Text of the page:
Wszolek tracks the family on an 11-foot family tree. Of Bott’s 315 living descendants (spread out over 11 states), 48 now have PPND.

See more on Wszolek’s research in this article.

Another article focuses on the family members in Montana and how they’re coping.

Look for information on researching your family's medical history in an upcoming issue of Family Tree Magazine.

Here are some family health history online resources you can explore right now.


Genetic Genealogy
Tuesday, June 02, 2009 5:13:52 PM (Eastern Daylight Time, UTC-04:00)  #  Comments [2]
# Monday, June 01, 2009
Finding Ancestors' Border-Crossing Records
Posted by Diane

Entry laws tightened today for those crossing the US/Canadian or the US/Mexican border on land—now you must have a passport or an acceptable equivalent to get across.

It’s a bit more of a hassle, but at least future genealogists will have records. Plenty of our ancestors immigrated, then up and moved across the border. Some went back and forth several times.

Border-crossing records start later than ship passenger lists. Here's a rundown of what's available:

Canada to the United States
Until 1895, border crossings from Canada to the United States weren’t recorded at all. Thereafter, most border crossings are on microfilm known as the St. Albans lists (after the Vermont town where the US Immigration and Naturalization Services had its main office), with geographic coverage varying by year:
  • 1895-June 1917: All border crossings
  • June 1917-July 1927: Crossings east of the North Dakota/Montana state line
  • After July 1927: Crossings east of Lake Ontario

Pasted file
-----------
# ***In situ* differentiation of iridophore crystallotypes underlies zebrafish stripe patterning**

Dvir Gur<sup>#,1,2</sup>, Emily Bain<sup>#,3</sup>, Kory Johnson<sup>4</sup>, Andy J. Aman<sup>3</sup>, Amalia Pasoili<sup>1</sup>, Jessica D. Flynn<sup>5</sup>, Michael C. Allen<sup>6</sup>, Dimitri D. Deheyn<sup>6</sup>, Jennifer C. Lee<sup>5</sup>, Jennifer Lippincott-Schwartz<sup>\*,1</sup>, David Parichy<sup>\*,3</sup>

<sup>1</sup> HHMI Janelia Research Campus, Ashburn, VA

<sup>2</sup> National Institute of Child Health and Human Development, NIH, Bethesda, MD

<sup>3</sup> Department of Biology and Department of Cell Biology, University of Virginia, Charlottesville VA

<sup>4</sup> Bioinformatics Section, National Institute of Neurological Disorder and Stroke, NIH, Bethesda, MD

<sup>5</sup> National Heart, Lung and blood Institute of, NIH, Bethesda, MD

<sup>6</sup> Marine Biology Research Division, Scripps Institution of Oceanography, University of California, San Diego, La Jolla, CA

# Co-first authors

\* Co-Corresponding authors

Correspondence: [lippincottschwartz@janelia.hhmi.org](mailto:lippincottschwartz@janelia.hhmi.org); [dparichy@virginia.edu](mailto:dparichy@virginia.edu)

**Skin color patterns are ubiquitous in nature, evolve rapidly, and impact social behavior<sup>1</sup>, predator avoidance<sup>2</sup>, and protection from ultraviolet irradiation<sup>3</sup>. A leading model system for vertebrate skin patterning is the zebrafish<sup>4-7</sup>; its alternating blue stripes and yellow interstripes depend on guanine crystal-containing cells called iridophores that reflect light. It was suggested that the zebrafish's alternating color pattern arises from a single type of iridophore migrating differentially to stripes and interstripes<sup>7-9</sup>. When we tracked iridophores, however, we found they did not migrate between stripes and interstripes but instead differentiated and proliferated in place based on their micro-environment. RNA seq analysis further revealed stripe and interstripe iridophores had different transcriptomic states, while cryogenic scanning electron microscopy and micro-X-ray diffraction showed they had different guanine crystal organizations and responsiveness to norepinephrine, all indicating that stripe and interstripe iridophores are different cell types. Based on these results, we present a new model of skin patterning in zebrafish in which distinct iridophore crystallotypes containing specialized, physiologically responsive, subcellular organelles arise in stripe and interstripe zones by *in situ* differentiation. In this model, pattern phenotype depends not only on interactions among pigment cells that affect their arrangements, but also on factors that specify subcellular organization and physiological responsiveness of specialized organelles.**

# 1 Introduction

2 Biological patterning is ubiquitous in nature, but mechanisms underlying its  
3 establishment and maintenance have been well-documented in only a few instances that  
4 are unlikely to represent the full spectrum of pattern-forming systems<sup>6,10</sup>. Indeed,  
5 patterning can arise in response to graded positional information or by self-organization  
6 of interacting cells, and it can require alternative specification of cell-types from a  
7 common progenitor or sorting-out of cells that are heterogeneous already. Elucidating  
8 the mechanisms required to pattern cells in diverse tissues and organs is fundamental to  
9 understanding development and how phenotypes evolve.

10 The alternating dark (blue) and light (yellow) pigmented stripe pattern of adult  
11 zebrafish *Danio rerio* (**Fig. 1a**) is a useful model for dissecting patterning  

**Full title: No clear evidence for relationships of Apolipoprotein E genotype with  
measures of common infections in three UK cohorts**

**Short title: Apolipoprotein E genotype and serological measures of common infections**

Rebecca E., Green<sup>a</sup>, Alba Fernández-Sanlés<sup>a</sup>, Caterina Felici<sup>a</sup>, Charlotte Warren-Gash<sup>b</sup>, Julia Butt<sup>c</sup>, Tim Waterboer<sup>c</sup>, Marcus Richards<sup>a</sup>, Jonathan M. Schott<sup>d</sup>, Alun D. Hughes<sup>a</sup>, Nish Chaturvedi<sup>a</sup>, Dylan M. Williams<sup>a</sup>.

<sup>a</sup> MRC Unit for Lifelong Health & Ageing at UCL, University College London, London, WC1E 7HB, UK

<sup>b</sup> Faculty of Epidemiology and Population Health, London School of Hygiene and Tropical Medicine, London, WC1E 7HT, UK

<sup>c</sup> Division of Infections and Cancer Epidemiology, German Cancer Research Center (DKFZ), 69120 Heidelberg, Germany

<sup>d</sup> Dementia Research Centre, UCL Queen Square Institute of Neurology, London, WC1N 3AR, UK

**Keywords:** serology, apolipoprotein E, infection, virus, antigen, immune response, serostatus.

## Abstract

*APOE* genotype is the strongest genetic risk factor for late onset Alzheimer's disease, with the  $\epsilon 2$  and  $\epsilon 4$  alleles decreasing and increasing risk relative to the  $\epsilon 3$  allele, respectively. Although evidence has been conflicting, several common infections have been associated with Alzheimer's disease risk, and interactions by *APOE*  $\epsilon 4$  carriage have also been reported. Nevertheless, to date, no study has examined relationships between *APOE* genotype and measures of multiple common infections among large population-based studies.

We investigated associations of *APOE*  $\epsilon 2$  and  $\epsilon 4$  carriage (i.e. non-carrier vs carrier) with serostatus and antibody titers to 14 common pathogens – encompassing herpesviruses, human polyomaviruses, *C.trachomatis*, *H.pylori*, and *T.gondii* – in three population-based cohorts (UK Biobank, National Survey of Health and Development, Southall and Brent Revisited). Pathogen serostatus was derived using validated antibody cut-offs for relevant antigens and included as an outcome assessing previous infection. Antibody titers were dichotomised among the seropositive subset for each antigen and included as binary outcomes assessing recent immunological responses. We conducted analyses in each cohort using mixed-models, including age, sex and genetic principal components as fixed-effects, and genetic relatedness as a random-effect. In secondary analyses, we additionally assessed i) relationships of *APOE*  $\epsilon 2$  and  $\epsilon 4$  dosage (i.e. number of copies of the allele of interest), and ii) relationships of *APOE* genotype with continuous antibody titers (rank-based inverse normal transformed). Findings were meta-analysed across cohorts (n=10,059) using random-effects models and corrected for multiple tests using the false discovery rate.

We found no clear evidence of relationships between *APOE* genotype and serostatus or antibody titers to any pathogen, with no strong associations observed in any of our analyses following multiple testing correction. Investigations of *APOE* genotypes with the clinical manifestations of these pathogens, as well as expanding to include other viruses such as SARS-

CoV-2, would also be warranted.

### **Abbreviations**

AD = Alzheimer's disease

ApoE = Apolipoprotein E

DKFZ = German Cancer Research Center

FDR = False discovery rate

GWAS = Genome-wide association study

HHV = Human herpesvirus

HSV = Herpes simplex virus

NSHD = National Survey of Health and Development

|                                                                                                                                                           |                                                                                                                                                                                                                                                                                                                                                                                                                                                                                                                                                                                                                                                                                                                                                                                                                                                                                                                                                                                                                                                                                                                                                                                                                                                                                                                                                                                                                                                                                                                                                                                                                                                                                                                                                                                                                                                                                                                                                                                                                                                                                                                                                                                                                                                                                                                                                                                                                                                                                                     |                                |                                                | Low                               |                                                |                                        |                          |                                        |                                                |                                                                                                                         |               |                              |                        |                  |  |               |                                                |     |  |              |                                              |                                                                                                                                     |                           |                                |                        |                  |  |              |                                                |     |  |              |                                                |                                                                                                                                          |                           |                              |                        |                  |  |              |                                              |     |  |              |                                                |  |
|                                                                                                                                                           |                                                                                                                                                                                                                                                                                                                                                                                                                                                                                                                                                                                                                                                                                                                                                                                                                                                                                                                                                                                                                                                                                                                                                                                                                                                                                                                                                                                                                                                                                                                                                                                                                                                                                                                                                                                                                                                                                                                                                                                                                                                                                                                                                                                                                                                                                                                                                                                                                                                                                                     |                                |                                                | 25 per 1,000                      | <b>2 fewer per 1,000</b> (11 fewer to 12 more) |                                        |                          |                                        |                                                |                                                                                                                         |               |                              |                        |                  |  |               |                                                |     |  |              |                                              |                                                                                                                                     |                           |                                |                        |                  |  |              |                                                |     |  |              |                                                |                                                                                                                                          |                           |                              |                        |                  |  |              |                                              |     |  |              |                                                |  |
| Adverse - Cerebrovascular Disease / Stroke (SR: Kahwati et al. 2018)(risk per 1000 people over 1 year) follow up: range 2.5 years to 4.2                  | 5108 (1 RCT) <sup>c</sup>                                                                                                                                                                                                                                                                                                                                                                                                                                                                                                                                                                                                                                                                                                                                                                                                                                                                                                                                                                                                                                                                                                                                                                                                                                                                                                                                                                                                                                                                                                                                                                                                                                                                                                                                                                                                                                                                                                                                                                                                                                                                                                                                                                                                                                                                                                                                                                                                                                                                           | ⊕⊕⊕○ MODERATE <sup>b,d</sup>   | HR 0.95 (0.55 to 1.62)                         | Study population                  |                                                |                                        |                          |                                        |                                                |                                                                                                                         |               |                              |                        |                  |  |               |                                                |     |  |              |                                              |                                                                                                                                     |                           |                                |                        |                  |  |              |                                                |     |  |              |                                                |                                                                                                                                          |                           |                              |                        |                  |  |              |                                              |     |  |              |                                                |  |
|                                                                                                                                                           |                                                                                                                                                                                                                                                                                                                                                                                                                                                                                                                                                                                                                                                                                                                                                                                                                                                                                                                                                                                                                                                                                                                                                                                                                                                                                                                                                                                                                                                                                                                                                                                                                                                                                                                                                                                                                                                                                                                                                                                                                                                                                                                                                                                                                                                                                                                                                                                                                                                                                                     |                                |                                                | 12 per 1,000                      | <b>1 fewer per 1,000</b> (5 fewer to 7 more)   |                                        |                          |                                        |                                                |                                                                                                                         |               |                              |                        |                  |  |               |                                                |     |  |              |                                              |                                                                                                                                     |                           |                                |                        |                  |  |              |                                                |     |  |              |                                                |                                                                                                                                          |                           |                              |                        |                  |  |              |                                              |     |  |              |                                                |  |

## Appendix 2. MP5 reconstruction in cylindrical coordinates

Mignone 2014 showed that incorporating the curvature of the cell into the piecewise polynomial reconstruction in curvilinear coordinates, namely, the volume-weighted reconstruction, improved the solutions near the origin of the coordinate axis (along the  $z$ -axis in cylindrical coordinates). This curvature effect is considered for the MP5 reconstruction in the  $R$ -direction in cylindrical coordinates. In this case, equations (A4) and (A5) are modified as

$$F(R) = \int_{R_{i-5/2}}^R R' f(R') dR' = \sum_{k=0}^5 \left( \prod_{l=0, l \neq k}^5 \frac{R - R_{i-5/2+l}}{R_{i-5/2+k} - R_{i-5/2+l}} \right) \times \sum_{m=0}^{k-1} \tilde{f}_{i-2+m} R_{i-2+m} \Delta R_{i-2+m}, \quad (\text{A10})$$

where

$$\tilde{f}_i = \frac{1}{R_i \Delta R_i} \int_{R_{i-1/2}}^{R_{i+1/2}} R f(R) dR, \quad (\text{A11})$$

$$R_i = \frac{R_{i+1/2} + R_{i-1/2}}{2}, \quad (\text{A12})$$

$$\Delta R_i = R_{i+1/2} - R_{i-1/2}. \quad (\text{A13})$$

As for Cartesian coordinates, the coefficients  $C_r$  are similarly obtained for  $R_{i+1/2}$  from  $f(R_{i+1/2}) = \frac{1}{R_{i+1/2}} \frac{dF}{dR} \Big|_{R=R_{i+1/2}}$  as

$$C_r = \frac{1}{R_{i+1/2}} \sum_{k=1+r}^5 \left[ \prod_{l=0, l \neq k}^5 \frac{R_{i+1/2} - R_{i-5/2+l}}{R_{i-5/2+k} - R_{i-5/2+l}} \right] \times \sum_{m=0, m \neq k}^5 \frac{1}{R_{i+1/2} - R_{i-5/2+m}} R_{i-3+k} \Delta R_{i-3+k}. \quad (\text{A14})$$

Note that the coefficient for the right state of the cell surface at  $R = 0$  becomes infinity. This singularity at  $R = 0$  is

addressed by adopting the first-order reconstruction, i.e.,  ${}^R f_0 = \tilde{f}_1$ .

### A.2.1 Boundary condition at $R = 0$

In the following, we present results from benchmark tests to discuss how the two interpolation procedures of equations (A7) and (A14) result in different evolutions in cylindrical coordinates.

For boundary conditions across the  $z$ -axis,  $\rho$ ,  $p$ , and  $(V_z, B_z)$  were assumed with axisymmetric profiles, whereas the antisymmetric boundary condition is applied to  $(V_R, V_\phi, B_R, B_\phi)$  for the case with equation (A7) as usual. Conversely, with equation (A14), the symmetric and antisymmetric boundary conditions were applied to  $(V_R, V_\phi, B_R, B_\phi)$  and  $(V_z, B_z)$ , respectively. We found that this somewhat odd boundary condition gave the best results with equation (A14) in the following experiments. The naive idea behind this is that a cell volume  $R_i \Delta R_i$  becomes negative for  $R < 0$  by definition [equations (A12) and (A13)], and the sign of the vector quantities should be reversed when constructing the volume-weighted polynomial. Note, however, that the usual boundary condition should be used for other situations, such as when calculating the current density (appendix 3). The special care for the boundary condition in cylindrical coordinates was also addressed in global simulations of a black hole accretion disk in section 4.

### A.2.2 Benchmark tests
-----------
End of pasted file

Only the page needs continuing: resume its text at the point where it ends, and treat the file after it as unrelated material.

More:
Other 1895-and-later crossings also are microfilmed. The National Archives and Records Administration (NARA) Web site has a handy list of the film. They’re digitized in the subscription site Ancestry.com’s immigration collection, too.

United States to Canada
Ancestors crossing to Canada weren’t recorded until April 1908. Even then, those considered returning Canadians, or who crossed where ports didn’t exist or were closed, weren’t listed. Library and Archives Canada has records; see the Canadian Genealogy Centre for information.

They're also on Ancestry.ca.

Mexico to the United States
Microfilmed records for ancestors who entered the United States from Mexico—which includes many Asians, Syrians and South Americans, as well as US citizens returning home—start as early as 1903 at some ports. Records begin later for other ports. NARA has an online guide and list of film. These records also are on Ancestry.com.


immigration records
Monday, June 01, 2009 3:20:34 PM (Eastern Daylight Time, UTC-04:00)  #  Comments [0]
# Friday, May 29, 2009
Genealogy News Corral May 25-29
Posted by Diane

News from the genealogy world wasn't overly earth-shattering this week, but we do have some updates that might interest you: